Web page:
The members of the battalion pitched the tents in an open field halfway between the Clark Field Administration Building and Fort Stotsenburg. The tents were set up in two rows and five men were assigned to each tent. There were two supply tents and meals were provided by food trucks stationed at the end of the rows of tents.
For the next seventeen days the tankers worked to remove cosmoline from their weapons. The grease was put on the weapons to protect them from rust while at sea. They also loaded ammunition belts and did tank maintenance.
On December 1, the tankers were ordered to the perimeter of Clark Field to guard against Japanese paratroopers. From this time on, two tank crew members remained with each tank at all times and received their meals from food trucks.
On the morning of December 8, 1941, the members of A Company were informed of the Japanese attack on Clark Field. At 8:30 A.M., American planes took off to patrol the sky against Japanese planes. At noon, the planes landed, to be refueled, and were parked, in a straight line, outside the pilots' mess hall.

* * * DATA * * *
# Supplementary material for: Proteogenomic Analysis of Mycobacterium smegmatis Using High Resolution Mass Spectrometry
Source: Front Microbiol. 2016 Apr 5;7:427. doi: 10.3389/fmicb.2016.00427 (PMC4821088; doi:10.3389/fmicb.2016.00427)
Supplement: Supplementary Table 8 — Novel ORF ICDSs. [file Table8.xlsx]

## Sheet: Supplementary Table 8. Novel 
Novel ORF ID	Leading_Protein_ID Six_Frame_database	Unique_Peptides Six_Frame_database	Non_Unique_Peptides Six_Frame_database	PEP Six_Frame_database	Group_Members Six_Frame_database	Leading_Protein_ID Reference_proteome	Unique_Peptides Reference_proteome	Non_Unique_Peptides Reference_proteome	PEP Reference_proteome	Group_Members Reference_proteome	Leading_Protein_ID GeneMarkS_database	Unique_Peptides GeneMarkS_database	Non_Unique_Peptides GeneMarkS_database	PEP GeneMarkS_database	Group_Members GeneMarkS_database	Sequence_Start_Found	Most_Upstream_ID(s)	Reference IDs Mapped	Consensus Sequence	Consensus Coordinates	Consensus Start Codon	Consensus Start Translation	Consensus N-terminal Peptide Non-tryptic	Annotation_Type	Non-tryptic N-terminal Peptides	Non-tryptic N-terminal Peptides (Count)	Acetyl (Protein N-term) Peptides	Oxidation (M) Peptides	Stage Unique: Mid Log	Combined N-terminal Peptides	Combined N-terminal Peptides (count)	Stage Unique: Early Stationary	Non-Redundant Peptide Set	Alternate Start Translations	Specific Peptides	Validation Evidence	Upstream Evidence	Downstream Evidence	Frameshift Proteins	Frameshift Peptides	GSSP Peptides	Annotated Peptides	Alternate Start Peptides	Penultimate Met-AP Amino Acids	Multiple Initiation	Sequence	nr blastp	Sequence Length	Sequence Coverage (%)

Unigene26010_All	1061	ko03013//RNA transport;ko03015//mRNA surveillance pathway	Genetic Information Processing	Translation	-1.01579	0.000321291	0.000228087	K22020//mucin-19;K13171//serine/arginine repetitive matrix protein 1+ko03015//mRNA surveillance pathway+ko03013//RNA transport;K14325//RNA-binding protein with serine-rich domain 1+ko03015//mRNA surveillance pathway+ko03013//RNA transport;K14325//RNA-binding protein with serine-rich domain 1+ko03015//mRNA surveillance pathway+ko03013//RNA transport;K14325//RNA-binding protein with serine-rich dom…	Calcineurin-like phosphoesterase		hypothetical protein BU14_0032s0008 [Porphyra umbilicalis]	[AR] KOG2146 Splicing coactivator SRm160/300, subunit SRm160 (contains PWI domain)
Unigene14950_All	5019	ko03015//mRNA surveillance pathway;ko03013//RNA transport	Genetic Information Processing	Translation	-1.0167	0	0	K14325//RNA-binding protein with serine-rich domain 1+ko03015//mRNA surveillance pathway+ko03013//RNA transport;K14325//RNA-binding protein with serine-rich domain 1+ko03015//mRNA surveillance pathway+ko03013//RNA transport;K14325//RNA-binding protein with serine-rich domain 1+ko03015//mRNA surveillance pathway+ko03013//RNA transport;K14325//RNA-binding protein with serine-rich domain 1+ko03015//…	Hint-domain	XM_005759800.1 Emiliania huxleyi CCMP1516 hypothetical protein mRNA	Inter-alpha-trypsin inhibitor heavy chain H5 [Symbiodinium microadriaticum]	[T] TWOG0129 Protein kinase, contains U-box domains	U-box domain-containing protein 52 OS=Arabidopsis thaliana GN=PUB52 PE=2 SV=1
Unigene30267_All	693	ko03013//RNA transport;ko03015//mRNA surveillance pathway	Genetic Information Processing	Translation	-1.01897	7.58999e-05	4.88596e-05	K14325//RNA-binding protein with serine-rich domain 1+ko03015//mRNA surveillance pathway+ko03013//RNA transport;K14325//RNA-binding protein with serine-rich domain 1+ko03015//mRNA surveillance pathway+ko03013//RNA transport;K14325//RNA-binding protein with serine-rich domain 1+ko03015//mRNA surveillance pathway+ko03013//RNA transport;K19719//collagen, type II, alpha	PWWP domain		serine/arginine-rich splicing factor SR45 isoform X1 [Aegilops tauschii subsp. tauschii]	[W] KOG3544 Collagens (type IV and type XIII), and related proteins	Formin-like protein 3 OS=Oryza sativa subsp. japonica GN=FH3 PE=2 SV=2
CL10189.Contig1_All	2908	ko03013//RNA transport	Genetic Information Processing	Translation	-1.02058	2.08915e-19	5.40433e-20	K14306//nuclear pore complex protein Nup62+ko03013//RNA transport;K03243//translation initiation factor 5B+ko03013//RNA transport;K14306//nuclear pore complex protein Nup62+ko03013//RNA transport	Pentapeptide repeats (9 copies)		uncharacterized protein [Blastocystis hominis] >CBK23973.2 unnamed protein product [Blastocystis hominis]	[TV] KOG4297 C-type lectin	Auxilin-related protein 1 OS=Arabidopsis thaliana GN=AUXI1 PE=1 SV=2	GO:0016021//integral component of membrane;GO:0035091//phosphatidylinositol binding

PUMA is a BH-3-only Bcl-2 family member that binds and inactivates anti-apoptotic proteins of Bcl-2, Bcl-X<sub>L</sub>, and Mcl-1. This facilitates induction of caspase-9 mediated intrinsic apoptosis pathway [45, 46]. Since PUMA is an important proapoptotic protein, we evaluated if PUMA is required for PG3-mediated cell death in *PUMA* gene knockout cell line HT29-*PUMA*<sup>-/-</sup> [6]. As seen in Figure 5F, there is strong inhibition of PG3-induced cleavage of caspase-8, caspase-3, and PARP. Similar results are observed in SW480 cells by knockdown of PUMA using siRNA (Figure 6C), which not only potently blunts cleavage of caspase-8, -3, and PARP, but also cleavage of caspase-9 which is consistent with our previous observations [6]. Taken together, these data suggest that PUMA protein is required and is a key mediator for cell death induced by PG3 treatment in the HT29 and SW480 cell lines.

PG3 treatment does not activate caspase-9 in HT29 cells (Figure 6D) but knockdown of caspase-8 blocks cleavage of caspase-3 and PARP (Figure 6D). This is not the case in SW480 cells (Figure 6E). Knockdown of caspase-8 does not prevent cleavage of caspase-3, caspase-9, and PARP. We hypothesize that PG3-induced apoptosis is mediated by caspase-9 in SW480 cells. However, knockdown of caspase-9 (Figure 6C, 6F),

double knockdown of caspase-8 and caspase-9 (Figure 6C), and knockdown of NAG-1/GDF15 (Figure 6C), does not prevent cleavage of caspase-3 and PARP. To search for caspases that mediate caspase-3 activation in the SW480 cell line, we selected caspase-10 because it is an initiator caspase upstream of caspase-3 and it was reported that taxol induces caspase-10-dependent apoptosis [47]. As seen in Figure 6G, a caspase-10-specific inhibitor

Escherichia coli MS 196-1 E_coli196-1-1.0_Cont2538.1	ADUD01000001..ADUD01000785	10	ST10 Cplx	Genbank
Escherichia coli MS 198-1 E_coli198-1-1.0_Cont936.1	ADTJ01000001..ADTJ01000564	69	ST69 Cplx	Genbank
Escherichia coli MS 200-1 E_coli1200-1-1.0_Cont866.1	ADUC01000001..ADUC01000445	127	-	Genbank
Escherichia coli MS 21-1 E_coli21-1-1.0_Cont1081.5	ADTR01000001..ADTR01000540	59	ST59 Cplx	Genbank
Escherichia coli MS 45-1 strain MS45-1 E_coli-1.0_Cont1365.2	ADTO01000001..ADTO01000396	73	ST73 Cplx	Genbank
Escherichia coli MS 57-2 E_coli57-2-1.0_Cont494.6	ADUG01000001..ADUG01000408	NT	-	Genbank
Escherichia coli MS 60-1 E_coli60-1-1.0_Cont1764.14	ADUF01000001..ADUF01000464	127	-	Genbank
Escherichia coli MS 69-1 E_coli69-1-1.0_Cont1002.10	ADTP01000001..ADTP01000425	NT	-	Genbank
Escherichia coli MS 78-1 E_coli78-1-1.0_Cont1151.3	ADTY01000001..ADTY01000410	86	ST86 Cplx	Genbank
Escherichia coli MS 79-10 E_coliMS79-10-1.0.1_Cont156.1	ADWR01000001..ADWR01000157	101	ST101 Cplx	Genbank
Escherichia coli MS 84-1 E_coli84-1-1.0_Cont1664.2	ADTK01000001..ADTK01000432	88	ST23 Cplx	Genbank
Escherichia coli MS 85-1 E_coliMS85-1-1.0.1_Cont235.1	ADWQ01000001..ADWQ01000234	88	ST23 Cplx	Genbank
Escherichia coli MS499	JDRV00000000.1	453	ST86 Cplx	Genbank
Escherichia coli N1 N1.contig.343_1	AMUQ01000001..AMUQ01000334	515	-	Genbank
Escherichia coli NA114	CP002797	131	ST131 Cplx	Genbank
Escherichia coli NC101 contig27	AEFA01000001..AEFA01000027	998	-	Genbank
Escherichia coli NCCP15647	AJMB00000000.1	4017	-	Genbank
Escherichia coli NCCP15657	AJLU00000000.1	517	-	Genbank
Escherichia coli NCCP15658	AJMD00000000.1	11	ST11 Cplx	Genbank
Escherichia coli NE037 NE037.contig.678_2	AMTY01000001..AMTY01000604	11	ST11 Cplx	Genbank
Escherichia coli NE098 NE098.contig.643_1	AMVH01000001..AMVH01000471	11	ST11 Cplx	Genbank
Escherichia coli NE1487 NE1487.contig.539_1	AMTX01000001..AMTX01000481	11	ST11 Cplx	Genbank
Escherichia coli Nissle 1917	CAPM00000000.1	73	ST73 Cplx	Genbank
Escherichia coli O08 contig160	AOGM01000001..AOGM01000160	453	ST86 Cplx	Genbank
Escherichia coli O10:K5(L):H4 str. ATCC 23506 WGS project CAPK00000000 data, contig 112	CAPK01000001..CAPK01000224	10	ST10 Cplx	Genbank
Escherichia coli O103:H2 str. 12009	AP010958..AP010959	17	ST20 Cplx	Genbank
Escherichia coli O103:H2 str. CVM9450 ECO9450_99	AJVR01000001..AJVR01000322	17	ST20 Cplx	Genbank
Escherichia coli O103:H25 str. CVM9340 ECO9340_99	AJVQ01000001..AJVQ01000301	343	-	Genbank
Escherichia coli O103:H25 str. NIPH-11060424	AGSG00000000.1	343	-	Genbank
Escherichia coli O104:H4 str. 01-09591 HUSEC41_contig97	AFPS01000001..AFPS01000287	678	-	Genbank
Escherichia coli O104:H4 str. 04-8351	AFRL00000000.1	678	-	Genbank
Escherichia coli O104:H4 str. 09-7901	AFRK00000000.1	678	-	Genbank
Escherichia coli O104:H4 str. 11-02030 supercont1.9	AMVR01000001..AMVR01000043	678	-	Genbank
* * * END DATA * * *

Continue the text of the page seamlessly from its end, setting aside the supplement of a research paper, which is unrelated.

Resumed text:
About 12:45 in the afternoon as the tankers were eating lunch, planes approached the airfield from the north. At first, the soldiers thought the planes were American. The tankers had enough time to count two "V" formations totaling in 54 planes. They saw "raindrops" falling from the planes. It was only when bombs began exploding on the runways that they knew the planes were Japanese.
When the Japanese were finished, there was not much left of the airfield. The soldiers watched as the dead, dying, and wounded were hauled to the hospital on bomb racks, trucks, and anything that could carry the wounded was in use. When the hospital filled, they watched the medics place the wounded under the building. Many of these men had their arms and legs missing.